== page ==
Our reporter arrived on the scene to find that, as of 9:15am, no-one has actually mentioned alcohol.
“There are any number of reasons his breath might smell like that,” said Phoebe Binningsley, 24, who wasn’t supposed to be teaching until eleven but got called in when a class was moved. “Some of the medicines available here are strong and can have strange effects.”
“When I said ‘drinking’, I was referring to any kind of liquid,” Ownkwe Adebayo explained, his hand on the door ready to leave. “I’m concerned about my colleagues staying hydrated. Why shouldn’t I be?”
The teacher in question was observed to be standing out in the corridor, shaking slightly. “It’s indigestion. The food here doesn’t always agree with me.” The teacher could be observed to lean forward and steady himself against the wall as he swallowed, his eyes closed in concentration.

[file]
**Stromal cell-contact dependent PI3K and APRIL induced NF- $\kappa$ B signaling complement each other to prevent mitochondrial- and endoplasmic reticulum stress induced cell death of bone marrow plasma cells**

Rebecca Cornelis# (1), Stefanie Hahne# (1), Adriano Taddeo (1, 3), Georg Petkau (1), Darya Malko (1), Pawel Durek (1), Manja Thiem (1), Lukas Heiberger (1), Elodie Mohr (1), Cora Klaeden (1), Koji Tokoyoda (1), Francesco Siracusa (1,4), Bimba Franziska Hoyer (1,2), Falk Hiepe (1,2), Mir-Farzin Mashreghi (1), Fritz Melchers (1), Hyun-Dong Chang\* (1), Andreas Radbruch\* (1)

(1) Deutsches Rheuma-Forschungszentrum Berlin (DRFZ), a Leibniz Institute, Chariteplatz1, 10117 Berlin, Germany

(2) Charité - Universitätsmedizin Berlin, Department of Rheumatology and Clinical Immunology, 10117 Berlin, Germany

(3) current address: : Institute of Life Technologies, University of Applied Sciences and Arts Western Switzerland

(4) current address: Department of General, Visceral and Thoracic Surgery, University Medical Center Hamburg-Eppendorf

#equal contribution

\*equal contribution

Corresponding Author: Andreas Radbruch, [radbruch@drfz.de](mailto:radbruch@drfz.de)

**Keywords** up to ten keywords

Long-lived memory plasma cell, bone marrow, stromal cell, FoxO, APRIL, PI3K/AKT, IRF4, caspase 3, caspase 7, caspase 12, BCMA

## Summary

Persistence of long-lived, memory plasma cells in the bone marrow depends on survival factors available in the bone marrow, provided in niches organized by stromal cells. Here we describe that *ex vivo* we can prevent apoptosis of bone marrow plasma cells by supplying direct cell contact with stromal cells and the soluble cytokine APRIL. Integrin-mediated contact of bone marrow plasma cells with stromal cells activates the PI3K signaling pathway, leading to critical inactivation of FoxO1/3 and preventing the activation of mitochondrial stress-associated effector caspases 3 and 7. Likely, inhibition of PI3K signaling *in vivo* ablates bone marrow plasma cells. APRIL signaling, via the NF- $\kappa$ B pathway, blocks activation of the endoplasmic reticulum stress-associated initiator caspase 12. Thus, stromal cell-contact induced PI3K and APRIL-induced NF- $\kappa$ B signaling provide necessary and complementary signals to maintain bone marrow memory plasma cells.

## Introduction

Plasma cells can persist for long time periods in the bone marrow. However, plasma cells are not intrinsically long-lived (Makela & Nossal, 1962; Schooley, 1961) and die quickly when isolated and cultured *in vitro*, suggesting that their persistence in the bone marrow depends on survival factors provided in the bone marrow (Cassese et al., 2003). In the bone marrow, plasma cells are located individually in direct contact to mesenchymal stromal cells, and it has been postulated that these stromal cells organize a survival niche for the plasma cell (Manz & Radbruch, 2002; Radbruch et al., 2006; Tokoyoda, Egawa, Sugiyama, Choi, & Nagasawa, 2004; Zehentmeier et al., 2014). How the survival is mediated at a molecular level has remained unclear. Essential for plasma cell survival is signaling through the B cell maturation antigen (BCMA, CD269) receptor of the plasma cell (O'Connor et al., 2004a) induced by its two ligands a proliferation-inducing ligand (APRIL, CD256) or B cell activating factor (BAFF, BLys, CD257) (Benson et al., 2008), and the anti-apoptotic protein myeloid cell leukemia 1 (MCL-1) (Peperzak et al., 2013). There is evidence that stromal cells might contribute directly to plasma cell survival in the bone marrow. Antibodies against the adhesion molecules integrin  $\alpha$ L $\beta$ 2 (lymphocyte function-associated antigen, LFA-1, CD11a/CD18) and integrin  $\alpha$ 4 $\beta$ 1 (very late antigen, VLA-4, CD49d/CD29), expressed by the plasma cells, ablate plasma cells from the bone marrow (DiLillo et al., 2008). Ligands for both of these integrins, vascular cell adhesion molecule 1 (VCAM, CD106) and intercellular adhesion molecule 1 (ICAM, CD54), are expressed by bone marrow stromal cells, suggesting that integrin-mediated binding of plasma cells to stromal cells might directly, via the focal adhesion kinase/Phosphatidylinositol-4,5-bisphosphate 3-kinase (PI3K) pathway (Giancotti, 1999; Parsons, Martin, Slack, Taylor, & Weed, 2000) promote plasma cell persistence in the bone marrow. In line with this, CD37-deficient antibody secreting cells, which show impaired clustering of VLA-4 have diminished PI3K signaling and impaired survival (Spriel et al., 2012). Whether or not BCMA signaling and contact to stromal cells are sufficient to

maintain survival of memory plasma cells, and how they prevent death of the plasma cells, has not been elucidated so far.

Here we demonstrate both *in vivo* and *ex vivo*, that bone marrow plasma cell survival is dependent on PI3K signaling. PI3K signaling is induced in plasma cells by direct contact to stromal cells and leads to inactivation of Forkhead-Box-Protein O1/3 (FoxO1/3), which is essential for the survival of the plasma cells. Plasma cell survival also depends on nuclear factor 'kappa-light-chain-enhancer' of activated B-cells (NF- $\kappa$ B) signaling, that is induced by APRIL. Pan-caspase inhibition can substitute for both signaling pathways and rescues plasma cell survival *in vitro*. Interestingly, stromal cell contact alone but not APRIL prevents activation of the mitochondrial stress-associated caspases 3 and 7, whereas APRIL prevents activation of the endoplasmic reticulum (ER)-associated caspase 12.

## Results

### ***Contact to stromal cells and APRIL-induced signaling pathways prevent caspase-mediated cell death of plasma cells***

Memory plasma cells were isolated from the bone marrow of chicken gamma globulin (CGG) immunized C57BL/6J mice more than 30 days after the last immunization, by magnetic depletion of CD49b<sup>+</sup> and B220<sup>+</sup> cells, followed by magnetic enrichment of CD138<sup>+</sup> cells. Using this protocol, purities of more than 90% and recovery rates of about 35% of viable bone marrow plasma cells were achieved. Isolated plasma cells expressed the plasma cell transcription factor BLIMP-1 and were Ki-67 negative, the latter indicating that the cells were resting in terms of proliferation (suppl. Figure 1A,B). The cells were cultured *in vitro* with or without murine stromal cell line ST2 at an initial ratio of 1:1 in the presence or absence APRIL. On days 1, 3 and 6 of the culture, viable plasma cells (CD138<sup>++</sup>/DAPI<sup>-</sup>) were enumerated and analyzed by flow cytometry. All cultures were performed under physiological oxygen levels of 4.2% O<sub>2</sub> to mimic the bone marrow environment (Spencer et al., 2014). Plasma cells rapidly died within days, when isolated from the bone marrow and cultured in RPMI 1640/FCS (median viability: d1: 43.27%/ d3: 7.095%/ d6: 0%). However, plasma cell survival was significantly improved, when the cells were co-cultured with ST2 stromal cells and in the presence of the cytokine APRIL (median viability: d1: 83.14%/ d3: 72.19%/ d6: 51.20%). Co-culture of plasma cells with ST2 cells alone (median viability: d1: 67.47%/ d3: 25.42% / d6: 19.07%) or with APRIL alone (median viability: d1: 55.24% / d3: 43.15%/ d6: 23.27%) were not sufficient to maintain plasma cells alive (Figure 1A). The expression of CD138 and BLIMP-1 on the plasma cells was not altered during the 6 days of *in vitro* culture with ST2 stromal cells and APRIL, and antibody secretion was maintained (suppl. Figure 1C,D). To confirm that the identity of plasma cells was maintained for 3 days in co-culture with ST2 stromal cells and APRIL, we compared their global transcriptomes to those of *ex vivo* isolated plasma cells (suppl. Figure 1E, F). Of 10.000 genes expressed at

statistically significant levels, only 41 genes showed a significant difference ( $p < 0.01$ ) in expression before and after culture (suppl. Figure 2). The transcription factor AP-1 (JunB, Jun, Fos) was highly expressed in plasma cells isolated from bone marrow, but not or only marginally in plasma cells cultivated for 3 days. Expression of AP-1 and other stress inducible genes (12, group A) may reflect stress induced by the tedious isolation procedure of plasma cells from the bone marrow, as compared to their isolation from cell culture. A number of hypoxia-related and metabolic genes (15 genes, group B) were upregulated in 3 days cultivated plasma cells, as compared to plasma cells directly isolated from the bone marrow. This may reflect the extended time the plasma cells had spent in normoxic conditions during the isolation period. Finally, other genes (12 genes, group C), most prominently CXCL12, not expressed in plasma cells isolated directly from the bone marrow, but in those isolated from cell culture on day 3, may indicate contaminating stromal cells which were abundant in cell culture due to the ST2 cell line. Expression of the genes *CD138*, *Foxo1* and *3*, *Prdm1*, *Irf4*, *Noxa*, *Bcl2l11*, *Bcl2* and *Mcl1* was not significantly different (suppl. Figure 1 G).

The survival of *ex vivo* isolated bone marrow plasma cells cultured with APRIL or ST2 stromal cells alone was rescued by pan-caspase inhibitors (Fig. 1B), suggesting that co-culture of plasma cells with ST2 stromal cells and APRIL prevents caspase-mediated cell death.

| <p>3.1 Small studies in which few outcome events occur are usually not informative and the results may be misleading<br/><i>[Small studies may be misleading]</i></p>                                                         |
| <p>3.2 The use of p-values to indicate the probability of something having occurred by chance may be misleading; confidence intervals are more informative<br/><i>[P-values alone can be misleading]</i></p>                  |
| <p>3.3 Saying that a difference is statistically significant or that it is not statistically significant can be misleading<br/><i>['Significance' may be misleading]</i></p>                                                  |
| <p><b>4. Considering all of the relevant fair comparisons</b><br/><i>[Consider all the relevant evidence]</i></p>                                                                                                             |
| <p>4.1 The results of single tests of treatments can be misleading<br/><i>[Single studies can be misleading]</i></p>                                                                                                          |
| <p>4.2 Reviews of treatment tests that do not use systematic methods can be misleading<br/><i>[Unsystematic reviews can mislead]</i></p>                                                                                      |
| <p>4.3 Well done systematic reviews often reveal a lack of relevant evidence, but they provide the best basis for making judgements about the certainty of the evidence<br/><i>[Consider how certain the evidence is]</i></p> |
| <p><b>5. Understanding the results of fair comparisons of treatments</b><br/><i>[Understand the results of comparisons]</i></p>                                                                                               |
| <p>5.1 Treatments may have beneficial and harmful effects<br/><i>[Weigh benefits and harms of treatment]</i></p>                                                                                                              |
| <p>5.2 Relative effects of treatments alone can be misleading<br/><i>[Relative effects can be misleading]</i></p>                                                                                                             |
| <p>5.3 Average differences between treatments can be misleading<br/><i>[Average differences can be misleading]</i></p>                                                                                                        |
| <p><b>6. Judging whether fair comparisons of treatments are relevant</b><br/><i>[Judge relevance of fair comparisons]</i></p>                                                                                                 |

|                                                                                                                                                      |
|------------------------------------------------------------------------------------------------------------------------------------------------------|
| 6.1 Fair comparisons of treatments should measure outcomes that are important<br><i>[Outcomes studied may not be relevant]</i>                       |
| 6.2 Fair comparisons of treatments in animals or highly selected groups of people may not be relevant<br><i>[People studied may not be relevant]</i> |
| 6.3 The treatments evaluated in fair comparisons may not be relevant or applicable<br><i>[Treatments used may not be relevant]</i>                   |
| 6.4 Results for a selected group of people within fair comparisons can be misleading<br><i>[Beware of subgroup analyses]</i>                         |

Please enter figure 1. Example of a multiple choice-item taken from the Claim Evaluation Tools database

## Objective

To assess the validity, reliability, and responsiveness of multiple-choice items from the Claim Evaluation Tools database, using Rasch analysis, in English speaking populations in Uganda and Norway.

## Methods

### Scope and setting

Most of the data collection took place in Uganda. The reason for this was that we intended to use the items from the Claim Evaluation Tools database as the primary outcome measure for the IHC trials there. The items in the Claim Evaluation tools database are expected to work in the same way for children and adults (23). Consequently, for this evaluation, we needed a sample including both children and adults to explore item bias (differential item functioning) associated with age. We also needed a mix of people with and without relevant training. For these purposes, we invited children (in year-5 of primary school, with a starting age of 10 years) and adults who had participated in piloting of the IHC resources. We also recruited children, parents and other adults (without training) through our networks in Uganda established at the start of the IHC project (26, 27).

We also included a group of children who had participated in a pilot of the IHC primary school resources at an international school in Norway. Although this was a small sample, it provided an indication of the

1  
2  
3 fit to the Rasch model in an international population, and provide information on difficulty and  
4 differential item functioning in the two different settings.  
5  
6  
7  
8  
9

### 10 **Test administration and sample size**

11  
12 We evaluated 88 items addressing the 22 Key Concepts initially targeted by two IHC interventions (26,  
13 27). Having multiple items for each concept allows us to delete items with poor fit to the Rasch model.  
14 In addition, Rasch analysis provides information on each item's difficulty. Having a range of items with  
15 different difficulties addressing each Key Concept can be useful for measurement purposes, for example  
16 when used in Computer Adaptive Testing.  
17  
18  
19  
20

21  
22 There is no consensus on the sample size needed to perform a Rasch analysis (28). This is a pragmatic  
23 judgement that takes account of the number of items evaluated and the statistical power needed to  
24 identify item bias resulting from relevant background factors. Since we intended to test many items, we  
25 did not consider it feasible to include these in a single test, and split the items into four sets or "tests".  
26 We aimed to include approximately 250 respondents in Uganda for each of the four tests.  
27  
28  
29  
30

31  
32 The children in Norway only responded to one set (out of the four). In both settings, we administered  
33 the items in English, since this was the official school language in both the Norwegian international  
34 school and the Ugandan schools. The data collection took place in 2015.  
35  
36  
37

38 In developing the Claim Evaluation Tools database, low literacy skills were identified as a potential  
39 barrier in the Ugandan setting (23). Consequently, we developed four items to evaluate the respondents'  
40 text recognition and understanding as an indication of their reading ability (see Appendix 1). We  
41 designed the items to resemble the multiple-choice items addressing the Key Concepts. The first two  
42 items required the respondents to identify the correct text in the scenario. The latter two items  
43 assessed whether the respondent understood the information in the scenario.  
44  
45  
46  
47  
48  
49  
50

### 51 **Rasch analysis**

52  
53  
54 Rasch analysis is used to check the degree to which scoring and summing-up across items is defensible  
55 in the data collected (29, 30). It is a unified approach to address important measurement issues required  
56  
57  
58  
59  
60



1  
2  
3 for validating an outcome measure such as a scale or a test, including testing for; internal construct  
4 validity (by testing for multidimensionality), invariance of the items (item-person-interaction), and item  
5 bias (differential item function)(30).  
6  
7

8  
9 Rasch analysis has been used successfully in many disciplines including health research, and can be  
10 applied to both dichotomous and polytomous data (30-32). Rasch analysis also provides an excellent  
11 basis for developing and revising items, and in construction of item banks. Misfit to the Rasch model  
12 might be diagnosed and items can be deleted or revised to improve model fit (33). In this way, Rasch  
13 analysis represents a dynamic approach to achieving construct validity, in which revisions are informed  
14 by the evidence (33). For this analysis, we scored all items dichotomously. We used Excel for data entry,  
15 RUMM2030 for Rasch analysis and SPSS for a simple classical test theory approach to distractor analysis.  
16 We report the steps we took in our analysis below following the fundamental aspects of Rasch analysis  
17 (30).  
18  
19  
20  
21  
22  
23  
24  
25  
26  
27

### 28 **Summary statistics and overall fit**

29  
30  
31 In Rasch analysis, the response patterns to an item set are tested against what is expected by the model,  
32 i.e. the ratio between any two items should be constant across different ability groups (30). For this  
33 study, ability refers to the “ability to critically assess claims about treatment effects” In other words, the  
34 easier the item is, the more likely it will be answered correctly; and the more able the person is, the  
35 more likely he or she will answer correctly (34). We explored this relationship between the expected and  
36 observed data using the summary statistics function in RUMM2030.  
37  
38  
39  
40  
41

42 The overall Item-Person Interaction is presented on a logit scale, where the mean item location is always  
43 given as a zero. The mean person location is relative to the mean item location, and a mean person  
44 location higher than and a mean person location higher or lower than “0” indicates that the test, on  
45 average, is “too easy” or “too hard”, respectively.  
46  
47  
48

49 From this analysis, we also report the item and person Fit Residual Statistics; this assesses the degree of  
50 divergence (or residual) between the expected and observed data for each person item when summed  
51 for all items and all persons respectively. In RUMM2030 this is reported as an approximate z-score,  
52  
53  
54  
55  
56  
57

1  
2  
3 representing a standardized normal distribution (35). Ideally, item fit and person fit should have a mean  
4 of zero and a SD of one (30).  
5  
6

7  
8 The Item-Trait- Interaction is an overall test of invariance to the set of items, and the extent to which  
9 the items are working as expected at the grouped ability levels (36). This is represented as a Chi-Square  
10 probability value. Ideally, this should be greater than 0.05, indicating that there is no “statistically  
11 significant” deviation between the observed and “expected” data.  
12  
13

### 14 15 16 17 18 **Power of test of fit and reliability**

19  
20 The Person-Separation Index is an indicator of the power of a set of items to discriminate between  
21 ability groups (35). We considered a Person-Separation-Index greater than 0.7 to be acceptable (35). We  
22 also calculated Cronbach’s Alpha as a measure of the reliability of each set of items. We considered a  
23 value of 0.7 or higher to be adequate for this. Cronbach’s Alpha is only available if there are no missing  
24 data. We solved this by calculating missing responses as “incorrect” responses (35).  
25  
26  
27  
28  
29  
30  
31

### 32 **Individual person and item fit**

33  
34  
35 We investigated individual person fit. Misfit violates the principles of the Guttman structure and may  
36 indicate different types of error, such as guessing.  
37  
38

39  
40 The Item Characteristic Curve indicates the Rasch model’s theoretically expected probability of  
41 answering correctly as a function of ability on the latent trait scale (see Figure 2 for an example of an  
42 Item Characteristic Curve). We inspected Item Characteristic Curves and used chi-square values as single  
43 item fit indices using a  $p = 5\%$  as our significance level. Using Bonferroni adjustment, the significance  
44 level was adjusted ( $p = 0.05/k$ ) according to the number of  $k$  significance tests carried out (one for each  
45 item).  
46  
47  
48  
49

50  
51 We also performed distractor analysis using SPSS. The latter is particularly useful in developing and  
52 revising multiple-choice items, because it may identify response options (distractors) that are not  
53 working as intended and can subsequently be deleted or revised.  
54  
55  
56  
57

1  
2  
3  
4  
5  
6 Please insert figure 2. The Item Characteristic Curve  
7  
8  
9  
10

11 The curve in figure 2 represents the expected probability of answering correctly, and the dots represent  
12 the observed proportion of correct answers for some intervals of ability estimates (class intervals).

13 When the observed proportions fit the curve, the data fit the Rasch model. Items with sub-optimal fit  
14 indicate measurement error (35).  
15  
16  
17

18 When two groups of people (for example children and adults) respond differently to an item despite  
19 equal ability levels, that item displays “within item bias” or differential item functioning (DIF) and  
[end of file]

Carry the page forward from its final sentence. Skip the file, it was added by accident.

When asked what was being insinuated, our reporter assured the teacher that nothing was being implied and proceeded to mind his own business.
DOS Karen Fletcher was profusive in her support of the teacher. “These national stereotypes are so harmful. He suffers from indigestion and that’s why I keep some aspirin and Gaviscon in my desk drawer in readiness. If someone was to say that he’d been drinking, maybe we would look into it.” Karen took a moment to glance around the staff room, her glance avoided by everyone. “But since no-one is saying that, there’s no reason to jump to conclusions. Anyway, wasn’t it St. Patrick’s day a couple of months ago?”
At time of going to press, the teacher was observed to be sitting on a chair outside his classroom, taking deep breaths as sweat dripped from his head to the floor.